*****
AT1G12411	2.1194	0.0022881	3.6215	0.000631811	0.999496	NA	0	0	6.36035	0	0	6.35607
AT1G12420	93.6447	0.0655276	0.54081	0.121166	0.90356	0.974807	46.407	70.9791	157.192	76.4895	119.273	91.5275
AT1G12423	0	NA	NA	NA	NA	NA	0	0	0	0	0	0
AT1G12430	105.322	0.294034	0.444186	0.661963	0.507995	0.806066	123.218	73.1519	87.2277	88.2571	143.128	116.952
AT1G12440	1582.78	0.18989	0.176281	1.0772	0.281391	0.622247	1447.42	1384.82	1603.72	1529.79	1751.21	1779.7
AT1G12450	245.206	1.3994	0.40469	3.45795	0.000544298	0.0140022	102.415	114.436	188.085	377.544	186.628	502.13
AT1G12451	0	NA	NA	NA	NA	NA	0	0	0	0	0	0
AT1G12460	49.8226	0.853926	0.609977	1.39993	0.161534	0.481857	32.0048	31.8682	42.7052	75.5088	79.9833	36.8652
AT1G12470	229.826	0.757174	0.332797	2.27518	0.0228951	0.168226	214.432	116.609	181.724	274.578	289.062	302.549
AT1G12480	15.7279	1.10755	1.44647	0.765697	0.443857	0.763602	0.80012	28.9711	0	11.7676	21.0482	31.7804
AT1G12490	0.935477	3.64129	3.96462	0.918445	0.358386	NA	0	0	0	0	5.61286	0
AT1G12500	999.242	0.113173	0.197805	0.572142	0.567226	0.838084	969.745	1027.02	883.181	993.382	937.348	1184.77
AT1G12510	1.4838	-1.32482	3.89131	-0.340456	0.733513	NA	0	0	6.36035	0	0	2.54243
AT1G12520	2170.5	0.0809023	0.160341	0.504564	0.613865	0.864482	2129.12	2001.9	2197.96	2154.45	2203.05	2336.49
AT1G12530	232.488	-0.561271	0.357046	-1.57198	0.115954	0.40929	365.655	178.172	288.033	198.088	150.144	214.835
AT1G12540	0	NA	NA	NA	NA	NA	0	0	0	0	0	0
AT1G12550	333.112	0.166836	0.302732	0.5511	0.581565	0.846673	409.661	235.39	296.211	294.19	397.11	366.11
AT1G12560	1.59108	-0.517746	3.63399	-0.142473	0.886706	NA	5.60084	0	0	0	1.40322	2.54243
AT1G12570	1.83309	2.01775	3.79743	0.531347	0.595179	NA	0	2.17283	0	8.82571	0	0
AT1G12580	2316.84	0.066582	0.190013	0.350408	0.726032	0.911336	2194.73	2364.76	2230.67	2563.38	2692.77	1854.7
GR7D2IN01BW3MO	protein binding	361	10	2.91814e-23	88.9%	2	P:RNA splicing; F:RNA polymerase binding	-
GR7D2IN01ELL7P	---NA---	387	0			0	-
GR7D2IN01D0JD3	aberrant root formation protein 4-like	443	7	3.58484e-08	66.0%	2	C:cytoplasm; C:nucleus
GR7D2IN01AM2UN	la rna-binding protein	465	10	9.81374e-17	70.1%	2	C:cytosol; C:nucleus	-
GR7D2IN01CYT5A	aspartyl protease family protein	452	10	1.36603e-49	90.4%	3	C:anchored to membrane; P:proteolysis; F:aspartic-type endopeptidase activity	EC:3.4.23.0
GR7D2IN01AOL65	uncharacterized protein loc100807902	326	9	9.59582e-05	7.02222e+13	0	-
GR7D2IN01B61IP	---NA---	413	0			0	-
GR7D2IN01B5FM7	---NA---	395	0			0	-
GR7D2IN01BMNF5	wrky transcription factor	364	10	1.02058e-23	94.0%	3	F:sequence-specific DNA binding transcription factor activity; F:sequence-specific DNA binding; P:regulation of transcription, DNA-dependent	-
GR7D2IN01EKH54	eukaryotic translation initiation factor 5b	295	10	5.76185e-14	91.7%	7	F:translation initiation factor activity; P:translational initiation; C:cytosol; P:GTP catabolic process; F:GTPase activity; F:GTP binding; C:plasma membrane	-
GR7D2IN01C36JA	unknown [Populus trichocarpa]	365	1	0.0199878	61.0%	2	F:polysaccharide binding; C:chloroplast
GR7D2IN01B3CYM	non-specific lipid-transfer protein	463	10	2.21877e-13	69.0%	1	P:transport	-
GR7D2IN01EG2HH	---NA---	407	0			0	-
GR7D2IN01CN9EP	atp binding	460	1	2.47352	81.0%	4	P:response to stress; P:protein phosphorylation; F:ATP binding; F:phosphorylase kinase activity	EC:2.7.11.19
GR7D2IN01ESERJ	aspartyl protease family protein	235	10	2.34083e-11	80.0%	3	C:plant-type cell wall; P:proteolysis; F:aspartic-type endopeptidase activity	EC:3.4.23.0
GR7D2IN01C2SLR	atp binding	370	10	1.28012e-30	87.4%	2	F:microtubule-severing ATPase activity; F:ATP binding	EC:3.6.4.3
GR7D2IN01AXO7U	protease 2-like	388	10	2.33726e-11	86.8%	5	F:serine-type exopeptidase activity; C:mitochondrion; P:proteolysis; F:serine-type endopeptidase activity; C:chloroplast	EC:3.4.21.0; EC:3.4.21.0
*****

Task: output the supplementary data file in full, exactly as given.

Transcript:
AT1G12411	2.1194	0.0022881	3.6215	0.000631811	0.999496	NA	0	0	6.36035	0	0	6.35607
AT1G12420	93.6447	0.0655276	0.54081	0.121166	0.90356	0.974807	46.407	70.9791	157.192	76.4895	119.273	91.5275
AT1G12423	0	NA	NA	NA	NA	NA	0	0	0	0	0	0
AT1G12430	105.322	0.294034	0.444186	0.661963	0.507995	0.806066	123.218	73.1519	87.2277	88.2571	143.128	116.952
AT1G12440	1582.78	0.18989	0.176281	1.0772	0.281391	0.622247	1447.42	1384.82	1603.72	1529.79	1751.21	1779.7
AT1G12450	245.206	1.3994	0.40469	3.45795	0.000544298	0.0140022	102.415	114.436	188.085	377.544	186.628	502.13
AT1G12451	0	NA	NA	NA	NA	NA	0	0	0	0	0	0
AT1G12460	49.8226	0.853926	0.609977	1.39993	0.161534	0.481857	32.0048	31.8682	42.7052	75.5088	79.9833	36.8652
AT1G12470	229.826	0.757174	0.332797	2.27518	0.0228951	0.168226	214.432	116.609	181.724	274.578	289.062	302.549
AT1G12480	15.7279	1.10755	1.44647	0.765697	0.443857	0.763602	0.80012	28.9711	0	11.7676	21.0482	31.7804
AT1G12490	0.935477	3.64129	3.96462	0.918445	0.358386	NA	0	0	0	0	5.61286	0
AT1G12500	999.242	0.113173	0.197805	0.572142	0.567226	0.838084	969.745	1027.02	883.181	993.382	937.348	1184.77
AT1G12510	1.4838	-1.32482	3.89131	-0.340456	0.733513	NA	0	0	6.36035	0	0	2.54243
AT1G12520	2170.5	0.0809023	0.160341	0.504564	0.613865	0.864482	2129.12	2001.9	2197.96	2154.45	2203.05	2336.49
AT1G12530	232.488	-0.561271	0.357046	-1.57198	0.115954	0.40929	365.655	178.172	288.033	198.088	150.144	214.835
AT1G12540	0	NA	NA	NA	NA	NA	0	0	0	0	0	0
AT1G12550	333.112	0.166836	0.302732	0.5511	0.581565	0.846673	409.661	235.39	296.211	294.19	397.11	366.11
AT1G12560	1.59108	-0.517746	3.63399	-0.142473	0.886706	NA	5.60084	0	0	0	1.40322	2.54243
AT1G12570	1.83309	2.01775	3.79743	0.531347	0.595179	NA	0	2.17283	0	8.82571	0	0
AT1G12580	2316.84	0.066582	0.190013	0.350408	0.726032	0.911336	2194.73	2364.76	2230.67	2563.38	2692.77	1854.7
GR7D2IN01BW3MO	protein binding	361	10	2.91814e-23	88.9%	2	P:RNA splicing; F:RNA polymerase binding	-
GR7D2IN01ELL7P	---NA---	387	0			0	-
GR7D2IN01D0JD3	aberrant root formation protein 4-like	443	7	3.58484e-08	66.0%	2	C:cytoplasm; C:nucleus
GR7D2IN01AM2UN	la rna-binding protein	465	10	9.81374e-17	70.1%	2	C:cytosol; C:nucleus	-
GR7D2IN01CYT5A	aspartyl protease family protein	452	10	1.36603e-49	90.4%	3	C:anchored to membrane; P:proteolysis; F:aspartic-type endopeptidase activity	EC:3.4.23.0
GR7D2IN01AOL65	uncharacterized protein loc100807902	326	9	9.59582e-05	7.02222e+13	0	-
GR7D2IN01B61IP	---NA---	413	0			0	-
GR7D2IN01B5FM7	---NA---	395	0			0	-
GR7D2IN01BMNF5	wrky transcription factor	364	10	1.02058e-23	94.0%	3	F:sequence-specific DNA binding transcription factor activity; F:sequence-specific DNA binding; P:regulation of transcription, DNA-dependent	-
GR7D2IN01EKH54	eukaryotic translation initiation factor 5b	295	10	5.76185e-14	91.7%	7	F:translation initiation factor activity; P:translational initiation; C:cytosol; P:GTP catabolic process; F:GTPase activity; F:GTP binding; C:plasma membrane	-
GR7D2IN01C36JA	unknown [Populus trichocarpa]	365	1	0.0199878	61.0%	2	F:polysaccharide binding; C:chloroplast
GR7D2IN01B3CYM	non-specific lipid-transfer protein	463	10	2.21877e-13	69.0%	1	P:transport	-
GR7D2IN01EG2HH	---NA---	407	0			0	-
GR7D2IN01CN9EP	atp binding	460	1	2.47352	81.0%	4	P:response to stress; P:protein phosphorylation; F:ATP binding; F:phosphorylase kinase activity	EC:2.7.11.19
GR7D2IN01ESERJ	aspartyl protease family protein	235	10	2.34083e-11	80.0%	3	C:plant-type cell wall; P:proteolysis; F:aspartic-type endopeptidase activity	EC:3.4.23.0
GR7D2IN01C2SLR	atp binding	370	10	1.28012e-30	87.4%	2	F:microtubule-severing ATPase activity; F:ATP binding	EC:3.6.4.3
GR7D2IN01AXO7U	protease 2-like	388	10	2.33726e-11	86.8%	5	F:serine-type exopeptidase activity; C:mitochondrion; P:proteolysis; F:serine-type endopeptidase activity; C:chloroplast	EC:3.4.21.0; EC:3.4.21.0